Don't get me wrong. I was just another person in one of these bright-orange life vests taking photos like the rest. I'm not trying to be a tourist complaining that tourists are ruining everything.
But there is something lost when interactions with wildlife are mediated through tour groups and camera lenses. I think it's no coincidence that the memories that have stuck with me most happened when I was floating in the water all alone, without any devices on me (all the underwater images in this post were taken by others and shared with me afterwards).
Each distraction, whether it's other people, a phone, a camera, or even a tour guide, adds separation between you and your subject, like layers of protective glass. Though sometimes these layers are necessary, I think even mundane experiences can glimmer with significance when those layers are peeled away.
My time in the Galápagos, oddly enough, reminded me of a gorilla I met a few years ago.
In March 2021, after a year of pandemic lockdowns and the misery of that year's lonely winter, I took a week off work just to get a break from everything. I stuck around New York. Most of my friends had left the city, so I didn't really have anybody to make vacation plans with, and long-distance travel was impossible back then anyway.
I drove upstate to hike around Breakneck Ridge in the middle of the week. On my way, I stopped by the Bronx Zoo, which was nearly empty on a Tuesday in early spring. I saw a lot of things there—exotic birds, two lonely male lions, and much more—but what I remember most is the gorilla.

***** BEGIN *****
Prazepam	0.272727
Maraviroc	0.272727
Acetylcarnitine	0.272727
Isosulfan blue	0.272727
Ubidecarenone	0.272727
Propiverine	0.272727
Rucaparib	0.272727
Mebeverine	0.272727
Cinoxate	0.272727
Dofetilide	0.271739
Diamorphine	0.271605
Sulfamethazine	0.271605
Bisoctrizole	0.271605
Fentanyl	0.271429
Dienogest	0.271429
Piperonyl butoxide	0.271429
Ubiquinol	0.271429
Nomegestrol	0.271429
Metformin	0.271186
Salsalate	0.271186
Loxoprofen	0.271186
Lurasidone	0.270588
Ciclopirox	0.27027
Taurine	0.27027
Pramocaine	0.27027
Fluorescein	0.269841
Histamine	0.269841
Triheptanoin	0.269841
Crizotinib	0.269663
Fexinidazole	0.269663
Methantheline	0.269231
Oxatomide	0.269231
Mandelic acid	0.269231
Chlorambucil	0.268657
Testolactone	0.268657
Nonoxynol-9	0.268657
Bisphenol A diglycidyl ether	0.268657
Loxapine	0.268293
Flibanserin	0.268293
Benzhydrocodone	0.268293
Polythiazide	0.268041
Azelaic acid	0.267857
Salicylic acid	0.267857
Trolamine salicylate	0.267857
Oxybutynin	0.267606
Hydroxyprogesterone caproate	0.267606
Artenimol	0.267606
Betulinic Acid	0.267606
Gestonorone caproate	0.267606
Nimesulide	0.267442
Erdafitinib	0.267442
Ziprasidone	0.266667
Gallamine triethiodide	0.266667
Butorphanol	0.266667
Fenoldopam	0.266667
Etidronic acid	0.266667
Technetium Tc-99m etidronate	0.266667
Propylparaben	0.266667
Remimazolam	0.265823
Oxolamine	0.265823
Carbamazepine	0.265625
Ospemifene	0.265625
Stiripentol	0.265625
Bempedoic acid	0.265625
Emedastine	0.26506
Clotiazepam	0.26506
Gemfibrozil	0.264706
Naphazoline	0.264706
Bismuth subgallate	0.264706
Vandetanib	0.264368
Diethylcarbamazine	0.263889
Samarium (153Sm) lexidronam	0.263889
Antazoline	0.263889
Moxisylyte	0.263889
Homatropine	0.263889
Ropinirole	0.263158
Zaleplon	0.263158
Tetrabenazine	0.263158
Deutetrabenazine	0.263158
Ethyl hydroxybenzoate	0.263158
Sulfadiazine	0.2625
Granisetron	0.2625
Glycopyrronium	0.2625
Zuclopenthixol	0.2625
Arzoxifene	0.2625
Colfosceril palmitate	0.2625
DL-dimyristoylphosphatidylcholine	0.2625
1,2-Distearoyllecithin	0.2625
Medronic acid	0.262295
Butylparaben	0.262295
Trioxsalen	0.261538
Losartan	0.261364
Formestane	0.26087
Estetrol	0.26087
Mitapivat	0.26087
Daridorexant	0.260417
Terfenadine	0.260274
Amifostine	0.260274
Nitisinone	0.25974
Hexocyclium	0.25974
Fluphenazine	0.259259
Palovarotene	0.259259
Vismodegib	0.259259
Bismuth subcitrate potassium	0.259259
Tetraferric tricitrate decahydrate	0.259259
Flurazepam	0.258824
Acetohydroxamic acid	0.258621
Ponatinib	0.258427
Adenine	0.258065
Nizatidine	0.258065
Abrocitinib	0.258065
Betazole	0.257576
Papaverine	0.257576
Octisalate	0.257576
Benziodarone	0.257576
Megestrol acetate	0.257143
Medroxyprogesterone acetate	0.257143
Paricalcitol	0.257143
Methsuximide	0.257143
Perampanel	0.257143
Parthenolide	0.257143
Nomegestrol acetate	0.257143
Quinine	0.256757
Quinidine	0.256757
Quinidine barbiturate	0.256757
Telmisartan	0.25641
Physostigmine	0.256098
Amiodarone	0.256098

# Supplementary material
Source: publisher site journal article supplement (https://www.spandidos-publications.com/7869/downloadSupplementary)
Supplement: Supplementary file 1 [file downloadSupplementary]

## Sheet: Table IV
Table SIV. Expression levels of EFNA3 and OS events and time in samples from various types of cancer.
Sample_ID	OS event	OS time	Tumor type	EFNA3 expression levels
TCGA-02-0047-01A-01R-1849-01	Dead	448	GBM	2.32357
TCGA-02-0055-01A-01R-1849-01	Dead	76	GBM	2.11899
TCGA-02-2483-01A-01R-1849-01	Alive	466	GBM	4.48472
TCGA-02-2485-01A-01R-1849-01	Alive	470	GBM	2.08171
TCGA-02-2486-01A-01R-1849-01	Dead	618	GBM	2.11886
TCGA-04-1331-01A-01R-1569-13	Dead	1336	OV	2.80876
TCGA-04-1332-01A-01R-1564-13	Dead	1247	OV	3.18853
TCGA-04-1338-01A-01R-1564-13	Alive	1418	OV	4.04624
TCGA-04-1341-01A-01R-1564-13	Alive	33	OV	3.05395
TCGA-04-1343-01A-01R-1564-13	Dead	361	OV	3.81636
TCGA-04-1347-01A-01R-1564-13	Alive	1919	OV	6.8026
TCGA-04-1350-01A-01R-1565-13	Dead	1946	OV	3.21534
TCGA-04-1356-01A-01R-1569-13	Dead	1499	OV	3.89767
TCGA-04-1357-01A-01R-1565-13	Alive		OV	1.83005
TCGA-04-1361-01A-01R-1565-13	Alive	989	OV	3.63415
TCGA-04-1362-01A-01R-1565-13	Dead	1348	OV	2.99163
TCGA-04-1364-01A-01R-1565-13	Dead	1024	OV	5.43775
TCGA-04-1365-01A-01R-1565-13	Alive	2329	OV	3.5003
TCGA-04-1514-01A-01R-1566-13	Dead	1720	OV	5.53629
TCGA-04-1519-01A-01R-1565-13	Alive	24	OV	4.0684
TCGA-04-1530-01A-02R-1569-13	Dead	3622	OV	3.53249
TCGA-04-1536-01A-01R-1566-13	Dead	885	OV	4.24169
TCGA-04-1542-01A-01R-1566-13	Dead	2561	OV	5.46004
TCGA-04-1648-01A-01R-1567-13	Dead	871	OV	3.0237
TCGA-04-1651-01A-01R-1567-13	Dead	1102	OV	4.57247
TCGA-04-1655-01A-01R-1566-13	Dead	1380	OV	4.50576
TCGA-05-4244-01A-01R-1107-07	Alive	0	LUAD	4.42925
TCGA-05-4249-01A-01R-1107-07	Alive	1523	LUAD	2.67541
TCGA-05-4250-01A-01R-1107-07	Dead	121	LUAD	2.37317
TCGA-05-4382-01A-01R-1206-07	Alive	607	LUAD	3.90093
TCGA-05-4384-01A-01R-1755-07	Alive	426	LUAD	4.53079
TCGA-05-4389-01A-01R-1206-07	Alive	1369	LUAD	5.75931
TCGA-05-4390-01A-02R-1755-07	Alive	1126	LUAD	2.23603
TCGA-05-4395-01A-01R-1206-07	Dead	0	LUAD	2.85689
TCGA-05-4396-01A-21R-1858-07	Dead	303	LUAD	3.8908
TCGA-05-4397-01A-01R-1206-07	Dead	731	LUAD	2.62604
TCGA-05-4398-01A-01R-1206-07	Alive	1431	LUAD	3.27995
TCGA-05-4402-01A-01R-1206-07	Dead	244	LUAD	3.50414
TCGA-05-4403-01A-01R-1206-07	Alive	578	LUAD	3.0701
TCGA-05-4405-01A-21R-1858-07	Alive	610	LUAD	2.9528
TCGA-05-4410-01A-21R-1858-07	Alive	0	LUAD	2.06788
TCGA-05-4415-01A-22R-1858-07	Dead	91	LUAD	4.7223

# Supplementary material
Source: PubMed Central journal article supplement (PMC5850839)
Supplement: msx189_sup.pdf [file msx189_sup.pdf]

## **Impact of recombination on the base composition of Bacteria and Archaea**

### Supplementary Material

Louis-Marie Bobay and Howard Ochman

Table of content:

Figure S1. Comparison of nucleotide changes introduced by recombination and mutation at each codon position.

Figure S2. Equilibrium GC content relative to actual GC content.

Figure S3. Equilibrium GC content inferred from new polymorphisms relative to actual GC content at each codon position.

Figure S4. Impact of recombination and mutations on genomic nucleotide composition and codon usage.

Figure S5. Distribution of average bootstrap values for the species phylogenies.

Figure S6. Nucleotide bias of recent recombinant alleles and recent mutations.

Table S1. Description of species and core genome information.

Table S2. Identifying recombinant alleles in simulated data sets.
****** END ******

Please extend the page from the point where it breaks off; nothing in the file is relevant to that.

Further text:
I walked into the deserted viewing room and was reading the plaques about her species when the gorilla walked out, casually waving as if I'd been her neighbor for decades. Jolted by her entrance, I looked through the plaques to identify which one she was: the matriarch.
She plopped down and looked around bored for a second, then pointedly fixed her gaze on me. I was mesmerized. Because of her humanoid features and the depth of her intelligence, it really felt like I was just looking at a person.
But unlike actual people, she seemed to feel no urge to break eye contact. She had no trepidation about just gazing into my eyes, continuously and powerfully. She had nowhere else to look, nowhere else to be, no notifications to check, no evening plans, nothing to prove.
I felt viscerally, painfully seen. I was tempted to flinch and look away. But living alone through the pandemic for over a year, spending most days every week without any meaningful human interaction, I felt parched to just interact with another living thing. I drank in the gorilla's attention and interest, surprised at how badly I needed it.
Eventually, she looked away, tapping her wrist to indicate it was feeding time. I stared at the ground as I ambled away, a bit shaken by the interaction.
If there's one thing I learned from sticking around New York City during the pandemic, it's that in times of struggle and loneliness, a relationship with nature is what helps me get through things. The pandemic winter of 2021 marked a low point. Stuck indoors because of the bitter cold, I couldn't even go for a stroll to look at a bird or something.
I've come to realize that the essence of that gorilla moment is what I usually seek in nature: a momentary, often unexpected connection with some other living being.
In my life, there are constantly moments when I witness something: a lonely, flowering cherry tree; a passing flock of yellow warblers at a lakeside in Pennsylvania; evergreens creaking and scraping at Parque Arví in Medellín; a shark circling in the Galápagos waters. And in an instant, my attention flees the confines of my skull and inhabits the world outside myself. I'm swept away. That experience, for someone cerebral like me, living in what feels like an increasingly cerebral time, is rapturous—a much-needed respite.
The wonderful thing is that I don't need much for this feeling to emerge. Sometimes, a squirrel suffices.
I'm two weeks into my trip to Japan now. The sakura are in full bloom here in Kyoto, starting to shed their petals like rose-pink confetti blown in the crisp spring wind.
Till next time,
 From The Invention of Nature: Alexander von Humboldt's New World by Andrea Wulf